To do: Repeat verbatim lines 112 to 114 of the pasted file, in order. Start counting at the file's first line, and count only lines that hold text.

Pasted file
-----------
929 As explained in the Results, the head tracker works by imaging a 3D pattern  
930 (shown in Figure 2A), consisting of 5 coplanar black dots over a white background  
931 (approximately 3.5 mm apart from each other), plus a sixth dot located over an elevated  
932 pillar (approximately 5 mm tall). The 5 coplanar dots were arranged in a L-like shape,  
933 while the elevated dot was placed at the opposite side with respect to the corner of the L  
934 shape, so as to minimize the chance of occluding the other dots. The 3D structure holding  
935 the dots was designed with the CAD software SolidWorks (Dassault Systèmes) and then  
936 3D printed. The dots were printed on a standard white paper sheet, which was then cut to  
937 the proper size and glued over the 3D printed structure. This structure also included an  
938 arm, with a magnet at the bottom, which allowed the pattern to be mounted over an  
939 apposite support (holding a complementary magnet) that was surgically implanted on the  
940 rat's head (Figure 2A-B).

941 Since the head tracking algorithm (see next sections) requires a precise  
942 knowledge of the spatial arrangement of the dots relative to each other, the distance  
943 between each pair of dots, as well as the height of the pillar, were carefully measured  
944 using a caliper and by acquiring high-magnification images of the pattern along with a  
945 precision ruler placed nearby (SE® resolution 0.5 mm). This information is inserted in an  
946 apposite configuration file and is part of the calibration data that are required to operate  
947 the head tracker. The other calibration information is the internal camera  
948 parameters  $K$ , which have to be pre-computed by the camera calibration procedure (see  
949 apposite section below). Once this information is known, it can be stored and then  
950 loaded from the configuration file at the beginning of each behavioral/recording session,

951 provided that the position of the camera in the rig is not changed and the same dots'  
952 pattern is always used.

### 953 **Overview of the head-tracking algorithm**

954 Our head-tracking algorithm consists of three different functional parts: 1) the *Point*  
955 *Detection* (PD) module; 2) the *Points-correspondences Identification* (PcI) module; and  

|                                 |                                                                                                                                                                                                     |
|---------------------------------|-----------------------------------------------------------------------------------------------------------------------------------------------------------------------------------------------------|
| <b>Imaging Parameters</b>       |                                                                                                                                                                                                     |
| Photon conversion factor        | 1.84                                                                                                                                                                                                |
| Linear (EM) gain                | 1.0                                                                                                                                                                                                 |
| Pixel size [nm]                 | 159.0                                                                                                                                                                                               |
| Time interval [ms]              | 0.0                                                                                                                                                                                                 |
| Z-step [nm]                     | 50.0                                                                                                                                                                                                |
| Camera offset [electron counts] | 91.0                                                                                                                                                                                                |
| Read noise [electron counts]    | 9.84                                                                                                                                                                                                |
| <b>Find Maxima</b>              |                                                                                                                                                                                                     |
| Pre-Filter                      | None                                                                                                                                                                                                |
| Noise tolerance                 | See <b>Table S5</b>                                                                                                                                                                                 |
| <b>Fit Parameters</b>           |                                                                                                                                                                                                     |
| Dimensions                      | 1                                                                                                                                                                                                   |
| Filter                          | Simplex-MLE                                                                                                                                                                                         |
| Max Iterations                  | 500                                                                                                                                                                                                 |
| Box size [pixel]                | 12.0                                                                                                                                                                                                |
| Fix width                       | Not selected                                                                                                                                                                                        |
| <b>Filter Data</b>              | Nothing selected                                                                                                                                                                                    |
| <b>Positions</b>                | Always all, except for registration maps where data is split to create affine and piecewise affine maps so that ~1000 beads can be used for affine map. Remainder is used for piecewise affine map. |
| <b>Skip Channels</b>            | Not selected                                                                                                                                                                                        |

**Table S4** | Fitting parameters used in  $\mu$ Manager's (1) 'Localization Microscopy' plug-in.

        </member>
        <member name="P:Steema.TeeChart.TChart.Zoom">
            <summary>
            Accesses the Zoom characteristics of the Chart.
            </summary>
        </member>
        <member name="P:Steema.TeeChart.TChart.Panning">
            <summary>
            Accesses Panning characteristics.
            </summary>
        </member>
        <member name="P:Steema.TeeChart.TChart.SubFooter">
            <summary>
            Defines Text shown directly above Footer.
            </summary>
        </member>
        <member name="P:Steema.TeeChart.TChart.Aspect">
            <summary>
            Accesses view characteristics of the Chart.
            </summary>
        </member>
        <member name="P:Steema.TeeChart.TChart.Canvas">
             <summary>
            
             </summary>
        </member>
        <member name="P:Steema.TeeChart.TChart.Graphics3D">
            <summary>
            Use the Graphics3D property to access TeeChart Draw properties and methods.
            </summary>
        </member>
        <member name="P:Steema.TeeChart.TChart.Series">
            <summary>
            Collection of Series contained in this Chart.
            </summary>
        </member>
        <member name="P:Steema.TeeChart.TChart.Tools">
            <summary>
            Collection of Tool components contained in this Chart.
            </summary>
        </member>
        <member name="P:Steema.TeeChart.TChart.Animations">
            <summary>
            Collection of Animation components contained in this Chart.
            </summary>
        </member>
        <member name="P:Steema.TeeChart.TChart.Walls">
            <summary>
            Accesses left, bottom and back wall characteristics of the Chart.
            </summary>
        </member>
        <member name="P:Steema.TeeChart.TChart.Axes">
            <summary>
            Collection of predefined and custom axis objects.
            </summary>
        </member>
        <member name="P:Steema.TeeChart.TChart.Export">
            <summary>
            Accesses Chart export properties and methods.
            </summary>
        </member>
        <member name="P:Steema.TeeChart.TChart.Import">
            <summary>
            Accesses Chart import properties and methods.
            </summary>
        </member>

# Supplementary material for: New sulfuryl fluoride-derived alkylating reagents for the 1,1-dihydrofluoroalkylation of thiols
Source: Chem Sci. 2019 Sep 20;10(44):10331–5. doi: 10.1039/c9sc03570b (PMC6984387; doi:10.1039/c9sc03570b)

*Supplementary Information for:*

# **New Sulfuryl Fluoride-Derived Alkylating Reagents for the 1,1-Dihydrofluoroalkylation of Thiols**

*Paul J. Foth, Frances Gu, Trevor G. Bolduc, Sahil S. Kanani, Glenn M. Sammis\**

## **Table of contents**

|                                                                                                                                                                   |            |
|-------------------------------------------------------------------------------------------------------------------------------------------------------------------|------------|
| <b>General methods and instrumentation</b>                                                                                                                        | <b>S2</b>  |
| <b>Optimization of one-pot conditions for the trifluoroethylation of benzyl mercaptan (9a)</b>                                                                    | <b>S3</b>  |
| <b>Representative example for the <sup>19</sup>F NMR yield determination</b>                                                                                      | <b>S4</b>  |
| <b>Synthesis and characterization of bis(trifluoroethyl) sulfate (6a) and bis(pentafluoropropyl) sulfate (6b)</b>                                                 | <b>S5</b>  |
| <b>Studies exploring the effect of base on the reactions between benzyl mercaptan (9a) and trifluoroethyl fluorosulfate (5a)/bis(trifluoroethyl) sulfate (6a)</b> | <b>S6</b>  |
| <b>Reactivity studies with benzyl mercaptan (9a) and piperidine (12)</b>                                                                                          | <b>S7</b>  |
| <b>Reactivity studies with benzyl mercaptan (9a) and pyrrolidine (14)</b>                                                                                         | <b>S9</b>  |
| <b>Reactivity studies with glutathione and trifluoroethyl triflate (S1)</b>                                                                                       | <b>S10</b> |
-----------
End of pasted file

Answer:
            <summary>
            Accesses Chart import properties and methods.
            </summary>